My motorcycle crash showed me that more people than I ever dreamed are living with limitations and with broken dreams. The beautiful thing is that since disabilities and shattered hope are such common phenomena, solutions, or ways to keep one’s attitudepositive in these circumstances are also quite common. The following situation involves the comfort found in relating to other people who happen to wake from comas to find themselves in similar circumstances.

 I hobbled into the crowded waiting room at Harborview Hospital’s outpatient clinic. Walkers, canes and wheelchairs cluttered the floor. Speech impairments filled the air. I smiled. These were my people.
The waiting room was large, but only a few chairs were empty. I never felt as ok about my disability as when I went to the rehab clinic. I don’t know if this is sick and wrong or not, but seeing other people dealing with situations similar to my own, helps my attitude. I sit in a hard plastic chair beside a suntanned girl chewing gum with her mouth open. She wore faded jeans and a tie-dye tank top. A walker stood beside her chair. She looked mad and bored.
I plopped down beside her. “What’s up?”
She popped a bubble.
“If you’re talking to me, talk slower so I can hear you right.”
“What’s going on,” I said carefully. I liked how simple and respectful she’d been in telling me she couldn’t understand me.
“I don’t know what they’re doing,” she said, glaring at the door. “All I know is I’ve been sitting here for way over an hour. The doctors are probably out playing golf.
“They’re usually late, but not this late,” I said.
She sighed noisily. “I hate this place.”
“How many times have you been here?”
“She popped another bubble and crossed one ankle over her knee. “This is my second time. How about you?”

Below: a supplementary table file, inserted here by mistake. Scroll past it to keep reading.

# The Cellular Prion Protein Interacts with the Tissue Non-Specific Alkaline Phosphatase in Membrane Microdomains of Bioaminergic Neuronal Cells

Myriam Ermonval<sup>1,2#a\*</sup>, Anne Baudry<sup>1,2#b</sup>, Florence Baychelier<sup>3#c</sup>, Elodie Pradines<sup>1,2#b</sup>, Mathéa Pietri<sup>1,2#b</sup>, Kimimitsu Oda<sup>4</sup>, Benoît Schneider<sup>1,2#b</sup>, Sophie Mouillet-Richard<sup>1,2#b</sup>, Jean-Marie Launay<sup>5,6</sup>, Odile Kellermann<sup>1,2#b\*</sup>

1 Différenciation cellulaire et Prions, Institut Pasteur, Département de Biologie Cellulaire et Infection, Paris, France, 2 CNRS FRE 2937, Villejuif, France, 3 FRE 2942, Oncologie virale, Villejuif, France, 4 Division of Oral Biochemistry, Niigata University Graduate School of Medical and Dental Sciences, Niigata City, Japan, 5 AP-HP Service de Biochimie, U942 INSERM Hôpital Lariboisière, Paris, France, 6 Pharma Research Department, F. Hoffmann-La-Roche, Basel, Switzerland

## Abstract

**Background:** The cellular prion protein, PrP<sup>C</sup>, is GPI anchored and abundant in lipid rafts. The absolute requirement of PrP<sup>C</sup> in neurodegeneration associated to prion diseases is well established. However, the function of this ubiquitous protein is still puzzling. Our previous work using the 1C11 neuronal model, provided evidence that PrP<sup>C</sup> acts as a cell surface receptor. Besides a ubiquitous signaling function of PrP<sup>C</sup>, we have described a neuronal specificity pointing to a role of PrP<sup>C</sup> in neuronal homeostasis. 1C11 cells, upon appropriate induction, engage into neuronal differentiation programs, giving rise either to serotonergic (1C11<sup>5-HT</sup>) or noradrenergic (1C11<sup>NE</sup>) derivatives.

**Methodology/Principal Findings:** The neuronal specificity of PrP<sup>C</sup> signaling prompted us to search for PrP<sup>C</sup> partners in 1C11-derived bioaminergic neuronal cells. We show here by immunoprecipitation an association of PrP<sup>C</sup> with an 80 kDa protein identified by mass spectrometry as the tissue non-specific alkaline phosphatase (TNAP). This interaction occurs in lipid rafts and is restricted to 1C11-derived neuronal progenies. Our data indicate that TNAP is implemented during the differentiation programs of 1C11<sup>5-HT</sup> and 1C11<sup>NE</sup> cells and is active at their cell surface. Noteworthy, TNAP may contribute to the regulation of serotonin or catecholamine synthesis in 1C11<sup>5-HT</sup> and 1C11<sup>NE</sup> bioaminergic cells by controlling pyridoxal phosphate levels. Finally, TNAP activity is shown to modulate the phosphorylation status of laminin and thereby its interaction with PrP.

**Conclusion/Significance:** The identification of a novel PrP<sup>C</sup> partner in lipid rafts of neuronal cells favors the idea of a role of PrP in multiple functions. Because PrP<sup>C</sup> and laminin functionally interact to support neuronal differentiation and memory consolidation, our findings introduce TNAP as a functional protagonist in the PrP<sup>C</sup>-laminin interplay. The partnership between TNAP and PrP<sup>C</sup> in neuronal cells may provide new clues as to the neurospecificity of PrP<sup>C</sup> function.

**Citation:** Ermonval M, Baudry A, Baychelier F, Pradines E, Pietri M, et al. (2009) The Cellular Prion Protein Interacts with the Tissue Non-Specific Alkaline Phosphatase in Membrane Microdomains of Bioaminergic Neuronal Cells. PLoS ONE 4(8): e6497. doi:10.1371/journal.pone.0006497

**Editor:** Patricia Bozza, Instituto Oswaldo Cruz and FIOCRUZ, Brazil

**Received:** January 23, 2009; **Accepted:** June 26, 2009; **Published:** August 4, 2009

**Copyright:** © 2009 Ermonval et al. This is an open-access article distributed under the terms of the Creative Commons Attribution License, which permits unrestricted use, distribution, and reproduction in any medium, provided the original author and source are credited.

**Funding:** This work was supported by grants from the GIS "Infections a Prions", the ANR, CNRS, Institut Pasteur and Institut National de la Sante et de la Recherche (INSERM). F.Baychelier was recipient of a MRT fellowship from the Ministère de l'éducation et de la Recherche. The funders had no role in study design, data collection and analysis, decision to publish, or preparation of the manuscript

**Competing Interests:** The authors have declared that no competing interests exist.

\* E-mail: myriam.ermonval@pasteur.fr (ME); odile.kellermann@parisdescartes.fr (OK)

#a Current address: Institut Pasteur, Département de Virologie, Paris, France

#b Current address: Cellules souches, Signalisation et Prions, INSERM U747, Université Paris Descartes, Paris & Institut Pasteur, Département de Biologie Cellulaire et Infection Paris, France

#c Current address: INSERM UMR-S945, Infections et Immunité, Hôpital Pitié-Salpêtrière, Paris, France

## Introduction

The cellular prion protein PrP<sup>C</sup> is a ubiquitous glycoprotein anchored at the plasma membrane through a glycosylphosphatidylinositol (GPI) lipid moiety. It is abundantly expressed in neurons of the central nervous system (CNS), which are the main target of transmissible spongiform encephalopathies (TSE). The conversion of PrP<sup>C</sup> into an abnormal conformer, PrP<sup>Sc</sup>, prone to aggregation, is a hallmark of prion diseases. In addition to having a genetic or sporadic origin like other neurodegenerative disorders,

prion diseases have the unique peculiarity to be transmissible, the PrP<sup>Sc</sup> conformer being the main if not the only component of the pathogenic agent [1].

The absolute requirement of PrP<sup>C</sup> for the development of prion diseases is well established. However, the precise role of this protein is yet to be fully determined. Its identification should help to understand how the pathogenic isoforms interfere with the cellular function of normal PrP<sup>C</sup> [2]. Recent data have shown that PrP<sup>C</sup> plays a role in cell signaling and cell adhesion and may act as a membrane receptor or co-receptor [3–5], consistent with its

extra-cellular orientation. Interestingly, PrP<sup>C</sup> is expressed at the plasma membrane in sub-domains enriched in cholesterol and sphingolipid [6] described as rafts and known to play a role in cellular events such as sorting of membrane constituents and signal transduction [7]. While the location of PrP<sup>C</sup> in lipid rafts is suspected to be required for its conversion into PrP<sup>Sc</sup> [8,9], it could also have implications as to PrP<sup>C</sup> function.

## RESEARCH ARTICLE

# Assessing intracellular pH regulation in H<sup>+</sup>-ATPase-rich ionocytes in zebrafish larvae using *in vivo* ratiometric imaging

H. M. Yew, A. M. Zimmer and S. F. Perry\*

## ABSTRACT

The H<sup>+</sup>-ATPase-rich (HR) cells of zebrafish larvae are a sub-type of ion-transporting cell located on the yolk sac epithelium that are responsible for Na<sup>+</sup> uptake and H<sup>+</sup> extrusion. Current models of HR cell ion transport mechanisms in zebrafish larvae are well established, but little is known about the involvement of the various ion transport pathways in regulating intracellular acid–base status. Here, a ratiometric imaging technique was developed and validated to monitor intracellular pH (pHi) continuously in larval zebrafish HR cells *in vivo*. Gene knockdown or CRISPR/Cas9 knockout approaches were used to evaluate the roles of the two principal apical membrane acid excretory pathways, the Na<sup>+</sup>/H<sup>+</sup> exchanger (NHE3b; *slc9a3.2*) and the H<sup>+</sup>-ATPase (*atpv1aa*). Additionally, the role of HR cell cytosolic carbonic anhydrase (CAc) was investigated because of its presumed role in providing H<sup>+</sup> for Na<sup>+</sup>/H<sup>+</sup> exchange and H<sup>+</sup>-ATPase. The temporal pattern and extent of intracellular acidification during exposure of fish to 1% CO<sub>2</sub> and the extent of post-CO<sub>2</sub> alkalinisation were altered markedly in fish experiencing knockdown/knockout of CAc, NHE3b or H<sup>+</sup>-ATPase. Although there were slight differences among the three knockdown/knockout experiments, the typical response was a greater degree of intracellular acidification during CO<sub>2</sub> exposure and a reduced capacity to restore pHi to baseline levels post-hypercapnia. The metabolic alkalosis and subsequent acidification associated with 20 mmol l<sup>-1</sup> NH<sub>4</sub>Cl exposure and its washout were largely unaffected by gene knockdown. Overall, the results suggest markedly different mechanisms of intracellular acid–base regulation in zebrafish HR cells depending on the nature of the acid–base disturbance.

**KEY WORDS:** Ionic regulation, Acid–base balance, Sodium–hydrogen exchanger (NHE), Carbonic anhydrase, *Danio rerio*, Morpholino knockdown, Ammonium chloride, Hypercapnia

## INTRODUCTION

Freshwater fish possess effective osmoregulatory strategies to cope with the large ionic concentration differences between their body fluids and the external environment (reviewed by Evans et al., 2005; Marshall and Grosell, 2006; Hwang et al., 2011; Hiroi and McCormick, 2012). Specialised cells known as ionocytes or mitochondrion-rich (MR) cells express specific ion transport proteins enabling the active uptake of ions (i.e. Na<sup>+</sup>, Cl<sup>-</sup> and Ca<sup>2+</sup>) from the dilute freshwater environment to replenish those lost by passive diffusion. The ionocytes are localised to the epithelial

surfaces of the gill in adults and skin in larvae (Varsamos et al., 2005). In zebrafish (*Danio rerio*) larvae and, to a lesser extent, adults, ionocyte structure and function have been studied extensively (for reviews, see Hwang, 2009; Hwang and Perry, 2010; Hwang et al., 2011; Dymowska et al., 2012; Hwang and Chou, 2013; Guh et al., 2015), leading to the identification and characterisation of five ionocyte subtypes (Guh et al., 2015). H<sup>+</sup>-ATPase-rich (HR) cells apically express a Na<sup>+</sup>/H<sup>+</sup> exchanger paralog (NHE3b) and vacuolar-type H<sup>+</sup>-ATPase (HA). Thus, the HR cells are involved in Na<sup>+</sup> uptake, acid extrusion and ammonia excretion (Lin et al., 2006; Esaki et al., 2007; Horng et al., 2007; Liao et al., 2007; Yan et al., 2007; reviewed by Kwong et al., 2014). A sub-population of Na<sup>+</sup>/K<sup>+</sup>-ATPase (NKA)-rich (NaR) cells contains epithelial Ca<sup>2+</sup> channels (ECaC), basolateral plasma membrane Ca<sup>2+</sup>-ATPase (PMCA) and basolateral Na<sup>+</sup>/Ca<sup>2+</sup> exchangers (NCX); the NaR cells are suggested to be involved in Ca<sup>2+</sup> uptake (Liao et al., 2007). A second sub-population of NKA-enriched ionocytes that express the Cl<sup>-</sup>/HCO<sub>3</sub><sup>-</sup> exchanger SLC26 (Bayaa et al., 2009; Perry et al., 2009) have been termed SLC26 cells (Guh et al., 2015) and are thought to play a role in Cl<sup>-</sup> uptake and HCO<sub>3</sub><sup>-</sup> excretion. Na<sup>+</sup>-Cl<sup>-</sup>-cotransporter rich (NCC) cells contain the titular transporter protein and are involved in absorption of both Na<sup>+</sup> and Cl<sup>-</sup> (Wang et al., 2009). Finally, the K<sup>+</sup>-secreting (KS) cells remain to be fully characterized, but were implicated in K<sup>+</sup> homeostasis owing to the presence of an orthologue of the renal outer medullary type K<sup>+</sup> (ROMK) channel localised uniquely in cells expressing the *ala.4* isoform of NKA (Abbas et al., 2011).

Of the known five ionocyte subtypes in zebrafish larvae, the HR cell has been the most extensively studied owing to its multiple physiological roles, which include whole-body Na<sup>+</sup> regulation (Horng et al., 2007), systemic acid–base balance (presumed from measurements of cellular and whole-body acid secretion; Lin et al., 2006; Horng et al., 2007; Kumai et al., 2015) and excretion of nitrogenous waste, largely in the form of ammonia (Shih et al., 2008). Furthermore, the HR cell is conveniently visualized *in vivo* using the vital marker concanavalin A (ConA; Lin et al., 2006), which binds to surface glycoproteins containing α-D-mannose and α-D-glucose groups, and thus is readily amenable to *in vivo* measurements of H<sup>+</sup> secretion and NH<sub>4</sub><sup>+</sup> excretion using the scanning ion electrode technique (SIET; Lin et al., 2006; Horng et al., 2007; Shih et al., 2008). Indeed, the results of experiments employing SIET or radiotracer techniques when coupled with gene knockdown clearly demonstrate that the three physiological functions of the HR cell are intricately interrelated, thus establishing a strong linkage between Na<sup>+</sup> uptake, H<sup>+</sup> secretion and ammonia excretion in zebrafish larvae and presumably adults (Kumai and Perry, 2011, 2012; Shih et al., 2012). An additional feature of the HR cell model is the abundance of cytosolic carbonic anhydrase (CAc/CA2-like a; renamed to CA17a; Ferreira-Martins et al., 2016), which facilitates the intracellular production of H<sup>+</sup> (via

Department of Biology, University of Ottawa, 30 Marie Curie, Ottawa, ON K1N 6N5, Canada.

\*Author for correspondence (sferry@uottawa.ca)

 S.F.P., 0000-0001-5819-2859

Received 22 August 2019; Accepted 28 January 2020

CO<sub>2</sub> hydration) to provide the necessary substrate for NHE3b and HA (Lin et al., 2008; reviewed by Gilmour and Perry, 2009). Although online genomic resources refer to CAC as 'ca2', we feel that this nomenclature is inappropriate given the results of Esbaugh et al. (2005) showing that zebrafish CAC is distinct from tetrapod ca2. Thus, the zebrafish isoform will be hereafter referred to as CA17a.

“About a million. I’m Al. What’s your name?”
“Pam.”
“What happened to you?”
“I was visiting my dad in Hawaii and tried surfing. His stupid girl friend and I caught the same wave. She ran into me.”
“She must have been monster-big to put you in the hospital.”
Pam smiled. “She is but what happened is I hit my head on her board. By the time the lifeguard pulled me out of the water, I’d been under more than two minutes. What happened to you?”
I describe my crash.
“Motorcycle’s are death machines. I used to have a boyfriend who got killed on one.”
I looked at the clock on the wall. “Talking to you has made the time fly. I’ve been here more than a half-hour already. They usually call me before this.”
“I don’t wanna sound mean, but I’ve been here an hour and a half. I better get called before you.”
I laugh. “Don’t worry. You will.”
Pam and I talked for almost another half-hour before she got called in.
“Well I guess this is it,” she said, grabbing her walker. She looked over her shoulder at me. “I’m glad we talked.”
“Yeah, me too. Would you like to do it again sometime?”
She smiles. “Sure. Give me a call.” She handed me a playing card.
“The queen of hearts.” The name Pam was written over the picture. A phone number was under it.
“Cool,” I said, putting it in my pocket.